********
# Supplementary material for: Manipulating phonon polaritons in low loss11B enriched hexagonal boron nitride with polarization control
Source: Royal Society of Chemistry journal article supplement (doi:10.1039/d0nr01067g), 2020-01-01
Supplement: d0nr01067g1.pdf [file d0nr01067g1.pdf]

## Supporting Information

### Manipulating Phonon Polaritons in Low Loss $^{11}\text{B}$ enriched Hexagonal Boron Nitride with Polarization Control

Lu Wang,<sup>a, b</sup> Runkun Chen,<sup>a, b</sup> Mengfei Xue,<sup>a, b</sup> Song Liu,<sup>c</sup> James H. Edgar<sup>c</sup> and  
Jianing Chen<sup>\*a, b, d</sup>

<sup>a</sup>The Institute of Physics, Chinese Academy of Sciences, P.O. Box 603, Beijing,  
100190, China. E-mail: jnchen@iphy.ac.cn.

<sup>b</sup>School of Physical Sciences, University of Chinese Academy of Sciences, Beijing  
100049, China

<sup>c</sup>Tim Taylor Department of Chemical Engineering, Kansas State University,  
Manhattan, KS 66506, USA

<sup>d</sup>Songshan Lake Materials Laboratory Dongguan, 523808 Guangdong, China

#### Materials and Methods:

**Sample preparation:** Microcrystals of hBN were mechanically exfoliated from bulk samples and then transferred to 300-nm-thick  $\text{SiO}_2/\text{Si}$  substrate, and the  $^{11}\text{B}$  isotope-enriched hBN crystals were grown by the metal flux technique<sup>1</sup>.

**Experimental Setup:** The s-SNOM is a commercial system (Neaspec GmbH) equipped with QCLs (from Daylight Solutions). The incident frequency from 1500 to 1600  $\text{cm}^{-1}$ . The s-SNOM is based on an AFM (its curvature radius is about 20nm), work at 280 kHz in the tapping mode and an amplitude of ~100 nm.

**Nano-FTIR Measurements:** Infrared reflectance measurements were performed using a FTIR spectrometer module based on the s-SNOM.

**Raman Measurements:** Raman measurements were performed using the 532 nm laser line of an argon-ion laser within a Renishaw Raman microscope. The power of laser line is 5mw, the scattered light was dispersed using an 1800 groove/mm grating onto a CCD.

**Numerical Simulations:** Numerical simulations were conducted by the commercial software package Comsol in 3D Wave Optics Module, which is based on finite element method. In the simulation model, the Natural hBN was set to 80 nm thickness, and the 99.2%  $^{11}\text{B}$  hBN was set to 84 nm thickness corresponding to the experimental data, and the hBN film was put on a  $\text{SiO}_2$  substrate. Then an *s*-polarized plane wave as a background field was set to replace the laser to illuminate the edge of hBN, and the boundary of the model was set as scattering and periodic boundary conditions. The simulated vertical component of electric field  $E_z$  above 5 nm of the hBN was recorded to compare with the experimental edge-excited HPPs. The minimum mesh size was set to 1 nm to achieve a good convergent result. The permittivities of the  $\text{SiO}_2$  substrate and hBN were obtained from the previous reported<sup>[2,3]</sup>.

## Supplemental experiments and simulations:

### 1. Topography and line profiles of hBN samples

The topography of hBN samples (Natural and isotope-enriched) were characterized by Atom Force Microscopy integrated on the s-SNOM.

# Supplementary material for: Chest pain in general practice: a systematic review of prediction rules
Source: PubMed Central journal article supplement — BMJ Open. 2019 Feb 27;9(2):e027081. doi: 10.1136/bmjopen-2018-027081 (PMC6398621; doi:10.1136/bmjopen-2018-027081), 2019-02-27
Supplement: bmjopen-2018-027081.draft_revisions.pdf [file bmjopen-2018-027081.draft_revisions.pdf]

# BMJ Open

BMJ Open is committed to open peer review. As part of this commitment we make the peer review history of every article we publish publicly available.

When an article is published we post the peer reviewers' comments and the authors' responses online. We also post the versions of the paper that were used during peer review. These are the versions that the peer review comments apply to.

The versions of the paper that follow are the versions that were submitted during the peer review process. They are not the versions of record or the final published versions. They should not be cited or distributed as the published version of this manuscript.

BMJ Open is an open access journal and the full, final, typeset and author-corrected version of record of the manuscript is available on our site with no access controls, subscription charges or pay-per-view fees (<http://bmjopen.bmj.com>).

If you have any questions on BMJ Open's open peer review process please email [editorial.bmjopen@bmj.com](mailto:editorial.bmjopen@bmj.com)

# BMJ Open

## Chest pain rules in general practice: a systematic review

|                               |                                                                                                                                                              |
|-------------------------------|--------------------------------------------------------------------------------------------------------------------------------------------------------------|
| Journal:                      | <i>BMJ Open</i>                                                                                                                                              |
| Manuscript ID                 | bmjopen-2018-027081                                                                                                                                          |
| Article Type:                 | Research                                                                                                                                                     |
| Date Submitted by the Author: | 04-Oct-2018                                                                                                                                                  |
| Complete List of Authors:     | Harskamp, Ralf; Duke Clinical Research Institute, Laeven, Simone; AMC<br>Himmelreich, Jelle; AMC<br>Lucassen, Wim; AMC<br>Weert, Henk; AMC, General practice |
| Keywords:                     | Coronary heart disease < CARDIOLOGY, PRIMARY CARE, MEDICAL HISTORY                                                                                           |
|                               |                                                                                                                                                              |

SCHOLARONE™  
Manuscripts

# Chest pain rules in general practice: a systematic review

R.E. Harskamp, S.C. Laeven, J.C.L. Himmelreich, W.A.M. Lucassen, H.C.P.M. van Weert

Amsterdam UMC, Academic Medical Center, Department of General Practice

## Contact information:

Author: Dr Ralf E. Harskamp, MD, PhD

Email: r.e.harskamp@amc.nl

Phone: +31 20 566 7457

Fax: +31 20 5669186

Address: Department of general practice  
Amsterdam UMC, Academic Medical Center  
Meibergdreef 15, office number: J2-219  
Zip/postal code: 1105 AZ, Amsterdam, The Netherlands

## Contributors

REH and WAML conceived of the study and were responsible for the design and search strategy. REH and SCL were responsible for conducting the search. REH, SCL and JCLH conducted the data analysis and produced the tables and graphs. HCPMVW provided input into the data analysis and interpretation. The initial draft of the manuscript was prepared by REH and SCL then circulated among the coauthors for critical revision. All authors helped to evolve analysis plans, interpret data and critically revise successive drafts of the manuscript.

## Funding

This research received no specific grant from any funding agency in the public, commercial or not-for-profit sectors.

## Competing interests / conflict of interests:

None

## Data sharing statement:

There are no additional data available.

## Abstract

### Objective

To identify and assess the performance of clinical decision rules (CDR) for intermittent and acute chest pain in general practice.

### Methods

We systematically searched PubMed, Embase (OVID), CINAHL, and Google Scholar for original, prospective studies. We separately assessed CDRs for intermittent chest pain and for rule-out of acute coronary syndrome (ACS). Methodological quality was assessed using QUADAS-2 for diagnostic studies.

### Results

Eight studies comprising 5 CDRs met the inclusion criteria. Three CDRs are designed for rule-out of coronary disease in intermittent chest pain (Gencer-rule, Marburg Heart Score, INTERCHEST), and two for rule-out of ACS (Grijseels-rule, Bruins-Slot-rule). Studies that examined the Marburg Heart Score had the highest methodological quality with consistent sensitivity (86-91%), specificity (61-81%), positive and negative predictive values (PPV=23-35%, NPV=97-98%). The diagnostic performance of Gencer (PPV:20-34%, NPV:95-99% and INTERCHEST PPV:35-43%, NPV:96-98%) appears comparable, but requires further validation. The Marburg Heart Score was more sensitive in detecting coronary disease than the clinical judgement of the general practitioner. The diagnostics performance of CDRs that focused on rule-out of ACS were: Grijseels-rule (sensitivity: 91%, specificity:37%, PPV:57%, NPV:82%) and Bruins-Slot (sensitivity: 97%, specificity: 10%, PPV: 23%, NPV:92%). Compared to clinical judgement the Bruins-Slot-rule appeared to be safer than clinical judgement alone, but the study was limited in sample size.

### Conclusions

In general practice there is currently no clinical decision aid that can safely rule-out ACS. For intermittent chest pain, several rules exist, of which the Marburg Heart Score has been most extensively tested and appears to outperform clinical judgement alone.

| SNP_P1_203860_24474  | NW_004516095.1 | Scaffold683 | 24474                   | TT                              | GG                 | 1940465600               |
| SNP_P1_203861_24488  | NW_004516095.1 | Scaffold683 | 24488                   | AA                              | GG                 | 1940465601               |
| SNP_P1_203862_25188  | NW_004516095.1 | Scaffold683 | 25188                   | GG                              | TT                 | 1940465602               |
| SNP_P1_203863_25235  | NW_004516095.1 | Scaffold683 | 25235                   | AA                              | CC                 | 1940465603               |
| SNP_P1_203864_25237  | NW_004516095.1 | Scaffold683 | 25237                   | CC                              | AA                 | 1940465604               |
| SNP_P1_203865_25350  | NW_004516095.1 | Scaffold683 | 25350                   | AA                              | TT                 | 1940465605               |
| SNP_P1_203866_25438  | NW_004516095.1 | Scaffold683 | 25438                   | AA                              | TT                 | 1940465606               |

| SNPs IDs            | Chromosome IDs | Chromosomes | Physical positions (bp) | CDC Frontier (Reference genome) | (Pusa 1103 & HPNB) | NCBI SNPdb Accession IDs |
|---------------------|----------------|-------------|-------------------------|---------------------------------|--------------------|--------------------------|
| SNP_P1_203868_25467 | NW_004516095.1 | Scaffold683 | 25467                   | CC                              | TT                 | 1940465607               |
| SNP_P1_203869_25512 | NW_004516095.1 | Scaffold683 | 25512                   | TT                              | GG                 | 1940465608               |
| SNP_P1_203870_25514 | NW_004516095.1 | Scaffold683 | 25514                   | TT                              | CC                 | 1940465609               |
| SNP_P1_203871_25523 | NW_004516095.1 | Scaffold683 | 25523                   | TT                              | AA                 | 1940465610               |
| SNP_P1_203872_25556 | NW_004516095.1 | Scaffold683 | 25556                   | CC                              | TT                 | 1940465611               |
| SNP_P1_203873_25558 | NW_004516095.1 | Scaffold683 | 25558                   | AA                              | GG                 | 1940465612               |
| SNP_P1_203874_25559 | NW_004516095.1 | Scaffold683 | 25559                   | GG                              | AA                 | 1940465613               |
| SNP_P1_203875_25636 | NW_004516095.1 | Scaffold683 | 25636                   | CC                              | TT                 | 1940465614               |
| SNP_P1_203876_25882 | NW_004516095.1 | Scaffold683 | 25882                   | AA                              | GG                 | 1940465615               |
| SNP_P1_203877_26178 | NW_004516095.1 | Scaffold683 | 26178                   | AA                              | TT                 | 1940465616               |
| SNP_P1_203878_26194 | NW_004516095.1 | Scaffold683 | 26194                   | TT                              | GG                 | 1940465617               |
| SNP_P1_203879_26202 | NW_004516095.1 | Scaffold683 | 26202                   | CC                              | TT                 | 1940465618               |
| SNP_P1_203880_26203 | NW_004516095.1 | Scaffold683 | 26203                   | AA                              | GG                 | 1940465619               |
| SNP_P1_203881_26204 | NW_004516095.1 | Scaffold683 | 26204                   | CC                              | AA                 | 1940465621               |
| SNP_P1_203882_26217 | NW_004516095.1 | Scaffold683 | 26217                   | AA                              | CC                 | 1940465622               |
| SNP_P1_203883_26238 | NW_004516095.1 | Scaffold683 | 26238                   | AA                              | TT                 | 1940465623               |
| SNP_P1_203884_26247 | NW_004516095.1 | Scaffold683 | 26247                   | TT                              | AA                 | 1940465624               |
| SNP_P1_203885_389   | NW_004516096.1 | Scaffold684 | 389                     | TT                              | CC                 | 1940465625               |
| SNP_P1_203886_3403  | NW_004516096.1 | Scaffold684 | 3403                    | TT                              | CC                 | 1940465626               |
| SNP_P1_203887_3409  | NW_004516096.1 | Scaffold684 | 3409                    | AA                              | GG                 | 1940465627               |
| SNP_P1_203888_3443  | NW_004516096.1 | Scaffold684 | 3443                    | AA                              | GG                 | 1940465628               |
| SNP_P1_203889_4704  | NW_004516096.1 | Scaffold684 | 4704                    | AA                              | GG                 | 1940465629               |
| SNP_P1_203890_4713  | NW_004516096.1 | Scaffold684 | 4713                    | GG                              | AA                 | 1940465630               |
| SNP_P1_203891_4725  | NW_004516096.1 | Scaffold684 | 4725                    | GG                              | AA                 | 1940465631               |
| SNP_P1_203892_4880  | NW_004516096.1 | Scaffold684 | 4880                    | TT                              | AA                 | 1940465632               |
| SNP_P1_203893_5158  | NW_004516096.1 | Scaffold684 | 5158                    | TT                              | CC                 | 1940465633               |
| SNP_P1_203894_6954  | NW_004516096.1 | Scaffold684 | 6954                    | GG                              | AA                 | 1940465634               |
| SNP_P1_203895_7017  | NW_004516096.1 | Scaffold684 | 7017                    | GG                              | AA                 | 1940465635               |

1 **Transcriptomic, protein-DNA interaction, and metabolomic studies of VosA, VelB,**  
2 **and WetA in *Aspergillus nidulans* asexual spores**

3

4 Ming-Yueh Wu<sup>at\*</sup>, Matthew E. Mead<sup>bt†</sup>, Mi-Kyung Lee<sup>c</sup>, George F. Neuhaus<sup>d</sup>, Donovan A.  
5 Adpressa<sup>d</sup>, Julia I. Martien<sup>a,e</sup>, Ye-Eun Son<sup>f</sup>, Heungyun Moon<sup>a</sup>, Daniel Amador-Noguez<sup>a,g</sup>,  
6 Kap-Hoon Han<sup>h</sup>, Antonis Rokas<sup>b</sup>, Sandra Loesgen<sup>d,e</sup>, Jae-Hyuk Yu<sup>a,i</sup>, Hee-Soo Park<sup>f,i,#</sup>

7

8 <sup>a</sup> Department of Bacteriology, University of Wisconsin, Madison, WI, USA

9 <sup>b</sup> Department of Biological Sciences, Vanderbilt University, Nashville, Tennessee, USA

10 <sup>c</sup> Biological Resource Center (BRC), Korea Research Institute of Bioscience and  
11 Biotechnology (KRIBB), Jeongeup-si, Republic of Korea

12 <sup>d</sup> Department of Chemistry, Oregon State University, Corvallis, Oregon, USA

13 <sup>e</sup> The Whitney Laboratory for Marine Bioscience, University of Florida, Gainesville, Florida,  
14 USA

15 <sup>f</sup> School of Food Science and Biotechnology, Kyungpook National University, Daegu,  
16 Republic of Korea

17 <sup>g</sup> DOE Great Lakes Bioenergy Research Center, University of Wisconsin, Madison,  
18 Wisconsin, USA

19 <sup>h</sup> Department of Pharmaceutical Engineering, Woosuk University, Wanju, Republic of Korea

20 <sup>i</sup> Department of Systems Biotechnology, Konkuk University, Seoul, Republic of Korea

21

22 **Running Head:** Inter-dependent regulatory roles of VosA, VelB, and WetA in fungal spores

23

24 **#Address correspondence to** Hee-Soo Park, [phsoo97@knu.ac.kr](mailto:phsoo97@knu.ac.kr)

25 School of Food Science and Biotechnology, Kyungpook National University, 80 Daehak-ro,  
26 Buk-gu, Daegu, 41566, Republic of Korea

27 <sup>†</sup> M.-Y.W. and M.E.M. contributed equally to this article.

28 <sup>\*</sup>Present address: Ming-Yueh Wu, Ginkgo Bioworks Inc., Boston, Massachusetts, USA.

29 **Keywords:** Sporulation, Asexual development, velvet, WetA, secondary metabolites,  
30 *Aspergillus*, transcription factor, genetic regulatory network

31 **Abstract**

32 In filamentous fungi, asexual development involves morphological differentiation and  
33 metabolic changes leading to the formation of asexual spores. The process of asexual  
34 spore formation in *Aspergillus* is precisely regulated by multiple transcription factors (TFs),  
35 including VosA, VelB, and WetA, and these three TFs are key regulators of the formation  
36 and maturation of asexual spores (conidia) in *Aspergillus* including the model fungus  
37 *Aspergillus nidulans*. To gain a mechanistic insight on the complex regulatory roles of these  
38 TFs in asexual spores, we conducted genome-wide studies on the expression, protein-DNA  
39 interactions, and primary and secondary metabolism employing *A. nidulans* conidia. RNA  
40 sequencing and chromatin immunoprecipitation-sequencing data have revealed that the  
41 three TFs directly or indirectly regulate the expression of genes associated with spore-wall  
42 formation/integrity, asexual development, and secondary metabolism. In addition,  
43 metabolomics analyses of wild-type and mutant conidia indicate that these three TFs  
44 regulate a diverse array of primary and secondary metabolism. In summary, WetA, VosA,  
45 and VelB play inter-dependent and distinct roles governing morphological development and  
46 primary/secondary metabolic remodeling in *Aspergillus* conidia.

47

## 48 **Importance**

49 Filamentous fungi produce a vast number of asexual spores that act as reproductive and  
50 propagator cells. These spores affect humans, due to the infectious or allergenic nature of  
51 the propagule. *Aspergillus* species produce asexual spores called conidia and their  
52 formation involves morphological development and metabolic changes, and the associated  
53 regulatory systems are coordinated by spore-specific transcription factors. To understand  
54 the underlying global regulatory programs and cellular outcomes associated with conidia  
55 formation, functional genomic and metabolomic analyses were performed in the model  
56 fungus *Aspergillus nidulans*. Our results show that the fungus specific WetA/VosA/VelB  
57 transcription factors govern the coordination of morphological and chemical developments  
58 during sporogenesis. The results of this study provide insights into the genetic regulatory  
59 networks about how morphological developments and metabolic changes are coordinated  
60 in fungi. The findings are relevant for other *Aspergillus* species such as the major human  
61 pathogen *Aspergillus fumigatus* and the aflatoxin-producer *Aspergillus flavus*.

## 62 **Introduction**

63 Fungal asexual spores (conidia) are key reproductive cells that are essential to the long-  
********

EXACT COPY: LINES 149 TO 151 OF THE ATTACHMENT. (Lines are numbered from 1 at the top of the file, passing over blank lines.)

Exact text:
38 TFs in asexual spores, we conducted genome-wide studies on the expression, protein-DNA  
39 interactions, and primary and secondary metabolism employing *A. nidulans* conidia. RNA  
40 sequencing and chromatin immunoprecipitation-sequencing data have revealed that the  